With industry experts advocating a more data-centric approach to cybersecurity in recent months, many are revisiting the merits of staple strategies such as encryption. Companies may be wise to take a deep dive into current protocol, according to the latest analysis from Enterprise Strategy Group (ESG), as a surprising lack of encryption expertise and key management fundamentals is putting a number of organizations at risk.
According to the ESG report, the recent uptick in support for data encryption has stemmed from an increasingly complex regulatory climate and a wealth of publicly disclosed breaches in the past year. Additionally, 54 percent of companies have implemented data encryption technologies in direct response to the rise of advanced persistent threats (APTs) capable of siphoning corporate intellectual property.
Although most enterprise IT professionals are well aware of the potential advantages of data encryption, there are notable loopholes in how the technology is being applied.
"When it comes to information strategy, large organizations tend to focus on firefighting rather than long-term strategy. Unfortunately, this short-sighted approach has its limits," ESG senior principal analyst Jon Oltsik explained. "Ad hoc encryption leads to redundant processes, complex operations and high costs while placing sensitive data at risk of accidental compromise or malicious insider attack."
This fragmented approach to data protection can be primarily attributed to a lack of cohesion and standardization among functional IT groups and the absence of a "central command and control" capable of setting policy, provisioning data and managing keys. This "organizational misalignment" puts the company at a significantly higher risk of leaking or losing critical files as inconsistent access control and separation of duties leaves loopholes available for malevolent insiders to exploit.
According to the Ponemon Institute's 2011 Global Encryption Trends Study, a power struggle at the top of the organization could be contributing to the confusion. While the chief information officer was identified as the primary designer of encryption strategy within approximately 40 percent of companies, business managers outside of the IT department are seeking more control. With data security and compliance now being viewed as a company-wide, as opposed to merely a technical, responsibility, there is more fragmentation of data protection strategy than ever before. Although officers may have their hearts in the right place, their execution is bringing more harm than good.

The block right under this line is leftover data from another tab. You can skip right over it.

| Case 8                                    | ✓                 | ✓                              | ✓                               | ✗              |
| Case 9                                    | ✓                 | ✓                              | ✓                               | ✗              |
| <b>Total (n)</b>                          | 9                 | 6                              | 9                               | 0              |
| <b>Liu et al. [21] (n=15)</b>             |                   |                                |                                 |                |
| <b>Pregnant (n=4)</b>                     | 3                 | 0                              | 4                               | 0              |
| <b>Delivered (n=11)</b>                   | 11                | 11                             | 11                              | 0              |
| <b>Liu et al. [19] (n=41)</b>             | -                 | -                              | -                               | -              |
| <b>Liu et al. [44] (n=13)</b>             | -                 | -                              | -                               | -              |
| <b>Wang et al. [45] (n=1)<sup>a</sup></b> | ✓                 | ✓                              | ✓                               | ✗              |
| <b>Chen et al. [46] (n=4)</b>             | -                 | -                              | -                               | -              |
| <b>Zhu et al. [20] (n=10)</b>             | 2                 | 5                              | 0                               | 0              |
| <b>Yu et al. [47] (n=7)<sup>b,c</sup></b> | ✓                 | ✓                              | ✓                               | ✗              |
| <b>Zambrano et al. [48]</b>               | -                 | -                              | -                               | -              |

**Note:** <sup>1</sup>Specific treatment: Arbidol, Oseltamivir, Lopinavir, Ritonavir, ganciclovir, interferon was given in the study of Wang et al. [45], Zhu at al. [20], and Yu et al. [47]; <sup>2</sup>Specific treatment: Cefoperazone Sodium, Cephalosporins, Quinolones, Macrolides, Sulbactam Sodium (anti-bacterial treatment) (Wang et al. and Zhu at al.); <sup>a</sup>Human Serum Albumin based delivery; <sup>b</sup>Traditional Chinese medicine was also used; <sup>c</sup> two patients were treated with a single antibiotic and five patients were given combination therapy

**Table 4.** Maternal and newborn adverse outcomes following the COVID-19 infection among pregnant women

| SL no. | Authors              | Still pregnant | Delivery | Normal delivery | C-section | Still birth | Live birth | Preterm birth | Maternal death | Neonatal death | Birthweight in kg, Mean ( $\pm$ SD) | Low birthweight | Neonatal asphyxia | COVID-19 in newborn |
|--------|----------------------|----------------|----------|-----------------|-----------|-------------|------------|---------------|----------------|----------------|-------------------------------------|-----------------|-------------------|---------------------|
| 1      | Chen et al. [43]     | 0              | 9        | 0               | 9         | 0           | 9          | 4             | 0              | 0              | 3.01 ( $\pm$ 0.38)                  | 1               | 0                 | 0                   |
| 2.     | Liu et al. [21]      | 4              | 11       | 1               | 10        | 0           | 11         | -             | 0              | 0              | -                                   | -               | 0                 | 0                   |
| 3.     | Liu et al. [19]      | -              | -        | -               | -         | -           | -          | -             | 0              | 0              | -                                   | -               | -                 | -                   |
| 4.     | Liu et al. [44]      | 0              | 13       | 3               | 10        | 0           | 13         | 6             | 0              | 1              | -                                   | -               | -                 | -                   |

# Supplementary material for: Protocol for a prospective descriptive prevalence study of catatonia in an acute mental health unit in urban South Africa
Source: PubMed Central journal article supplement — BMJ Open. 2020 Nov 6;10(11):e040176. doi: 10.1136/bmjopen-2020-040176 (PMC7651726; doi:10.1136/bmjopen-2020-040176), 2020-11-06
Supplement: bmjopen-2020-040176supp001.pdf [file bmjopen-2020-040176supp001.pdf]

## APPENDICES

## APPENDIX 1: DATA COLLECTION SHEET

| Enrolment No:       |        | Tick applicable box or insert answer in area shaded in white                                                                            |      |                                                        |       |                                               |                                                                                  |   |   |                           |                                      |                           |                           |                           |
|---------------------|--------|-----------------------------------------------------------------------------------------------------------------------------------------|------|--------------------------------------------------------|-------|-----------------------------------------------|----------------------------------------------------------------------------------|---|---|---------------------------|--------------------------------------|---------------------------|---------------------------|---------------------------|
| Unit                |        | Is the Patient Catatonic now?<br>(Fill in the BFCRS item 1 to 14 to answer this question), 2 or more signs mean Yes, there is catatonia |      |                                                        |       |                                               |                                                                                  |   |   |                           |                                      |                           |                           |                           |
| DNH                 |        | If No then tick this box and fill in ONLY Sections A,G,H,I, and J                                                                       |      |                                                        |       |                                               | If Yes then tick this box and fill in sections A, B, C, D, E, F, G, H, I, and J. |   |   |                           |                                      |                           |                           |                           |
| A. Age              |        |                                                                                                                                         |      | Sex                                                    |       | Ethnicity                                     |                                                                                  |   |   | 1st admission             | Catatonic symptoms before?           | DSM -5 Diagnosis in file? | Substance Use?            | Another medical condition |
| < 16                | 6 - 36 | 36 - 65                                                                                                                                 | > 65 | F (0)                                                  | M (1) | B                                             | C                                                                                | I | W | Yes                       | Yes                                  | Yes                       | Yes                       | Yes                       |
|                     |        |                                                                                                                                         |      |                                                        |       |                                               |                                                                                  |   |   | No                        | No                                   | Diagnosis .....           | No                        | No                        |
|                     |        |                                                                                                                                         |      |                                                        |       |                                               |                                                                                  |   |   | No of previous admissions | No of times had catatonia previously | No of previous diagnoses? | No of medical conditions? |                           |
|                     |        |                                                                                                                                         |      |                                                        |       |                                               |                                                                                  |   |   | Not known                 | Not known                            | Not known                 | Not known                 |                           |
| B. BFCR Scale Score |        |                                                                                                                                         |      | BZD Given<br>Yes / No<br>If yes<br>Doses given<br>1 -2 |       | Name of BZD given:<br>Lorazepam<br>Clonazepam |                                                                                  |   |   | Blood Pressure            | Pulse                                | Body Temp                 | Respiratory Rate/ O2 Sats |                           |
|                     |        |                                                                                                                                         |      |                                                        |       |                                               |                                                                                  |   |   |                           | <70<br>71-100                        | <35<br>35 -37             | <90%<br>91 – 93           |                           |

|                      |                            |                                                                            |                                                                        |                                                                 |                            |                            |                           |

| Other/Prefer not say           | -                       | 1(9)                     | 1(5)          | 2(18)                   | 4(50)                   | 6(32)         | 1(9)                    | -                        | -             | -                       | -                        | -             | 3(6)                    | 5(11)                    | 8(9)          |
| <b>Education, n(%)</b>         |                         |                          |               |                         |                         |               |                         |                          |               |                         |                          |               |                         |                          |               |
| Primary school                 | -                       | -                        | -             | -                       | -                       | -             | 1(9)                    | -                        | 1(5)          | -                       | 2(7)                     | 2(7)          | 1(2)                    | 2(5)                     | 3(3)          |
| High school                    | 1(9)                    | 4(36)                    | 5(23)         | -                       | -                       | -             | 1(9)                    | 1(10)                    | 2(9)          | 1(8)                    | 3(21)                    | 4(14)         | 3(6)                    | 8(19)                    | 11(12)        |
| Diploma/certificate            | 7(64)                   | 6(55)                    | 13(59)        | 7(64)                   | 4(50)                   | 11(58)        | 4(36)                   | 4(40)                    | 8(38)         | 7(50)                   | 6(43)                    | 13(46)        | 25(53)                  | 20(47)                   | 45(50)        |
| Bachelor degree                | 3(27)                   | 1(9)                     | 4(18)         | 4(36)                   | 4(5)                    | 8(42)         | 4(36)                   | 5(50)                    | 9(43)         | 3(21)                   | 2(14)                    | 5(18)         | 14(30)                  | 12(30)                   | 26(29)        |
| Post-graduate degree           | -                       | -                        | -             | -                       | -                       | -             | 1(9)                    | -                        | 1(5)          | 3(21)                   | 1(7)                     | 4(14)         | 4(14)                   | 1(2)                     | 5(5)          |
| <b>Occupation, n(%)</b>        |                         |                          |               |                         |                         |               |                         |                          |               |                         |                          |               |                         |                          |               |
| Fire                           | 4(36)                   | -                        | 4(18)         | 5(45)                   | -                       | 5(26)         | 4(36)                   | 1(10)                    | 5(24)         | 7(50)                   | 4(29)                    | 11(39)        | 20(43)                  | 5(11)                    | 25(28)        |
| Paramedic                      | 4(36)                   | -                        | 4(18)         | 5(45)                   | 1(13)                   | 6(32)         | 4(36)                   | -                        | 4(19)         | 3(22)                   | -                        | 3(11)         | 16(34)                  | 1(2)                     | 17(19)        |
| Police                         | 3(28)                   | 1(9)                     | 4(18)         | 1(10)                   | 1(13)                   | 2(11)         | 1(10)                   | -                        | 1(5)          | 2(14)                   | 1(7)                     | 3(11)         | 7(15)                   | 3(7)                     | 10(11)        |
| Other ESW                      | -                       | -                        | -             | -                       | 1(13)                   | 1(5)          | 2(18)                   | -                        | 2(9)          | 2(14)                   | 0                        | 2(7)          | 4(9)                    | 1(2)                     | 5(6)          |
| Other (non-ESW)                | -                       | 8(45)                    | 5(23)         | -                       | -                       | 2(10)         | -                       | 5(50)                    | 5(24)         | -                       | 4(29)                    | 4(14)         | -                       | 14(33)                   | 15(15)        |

Deeper woes in healthcare security
Outside of the business community, the implications of inadequate encryption key management could be even more significant in the healthcare sector. In 2011, the industry's shortcomings were placed under a microscope following a wave of high-profile data breaches and coverage of the ongoing conversion to electronic health records. According to Computerworld's Gregory Machler, there is a very real possibility that these tensions could be amplified in the near future with the establishment of a national healthcare database in the United States.
As stakeholders from all over the healthcare system request and require instant access to sensitive records, identity management and access control will be imperative.
"Data protection of the medical information requires use of encryption and a key or keys," Machler noted. "In the financial services industry, many banks have their own root key so there is no national financial services root key. But a national database of individual medical data would require a root at the national level and potentially even globally. The root has the ability to access all information, thus giving the institution that owns the root great power."
The process would force organizations at all levels to debate and develop a number of incredibly influential policies. According to Machler, determining who has access to which portions of the data and then selecting the proper technology to enforce these decisions will be essential. While it's hard to even imagine how the national or global community would begin to come together and resolve such issues, companies are facing similar challenges on a smaller scale every day.
Collaboration is key
The key concept for data security managers to keep in mind, according to the ESG report, is unification.
"[Chief information security officers] have lots of choices with ad hoc encryption, but they will find a much shorter list of qualified vendors as they begin researching and evaluating options for an enterprise encryption and key management architecture," Oltsik explained.
By shoring up fundamentals from the beginning, companies stand a much better chance of not only protecting critical information, but doing so in a more efficient manner as well. According to Oltsik, qualified encryption and key management solutions should support heterogeneous operating systems, including Linux, UNIX and Windows, in addition to structured and unstructured data. This will ensure a more sustainable approach to managing internally produced data across the IT environment.
On an organizational level, centralized policy creation and management must win out over stubborn, fragmented strategies if companies hope to succeed. However, there should still be a separation of duties and tiered administration when it comes to ultimately enforcing policy.
Data Security News from SimplySecurity.com by Trend Micro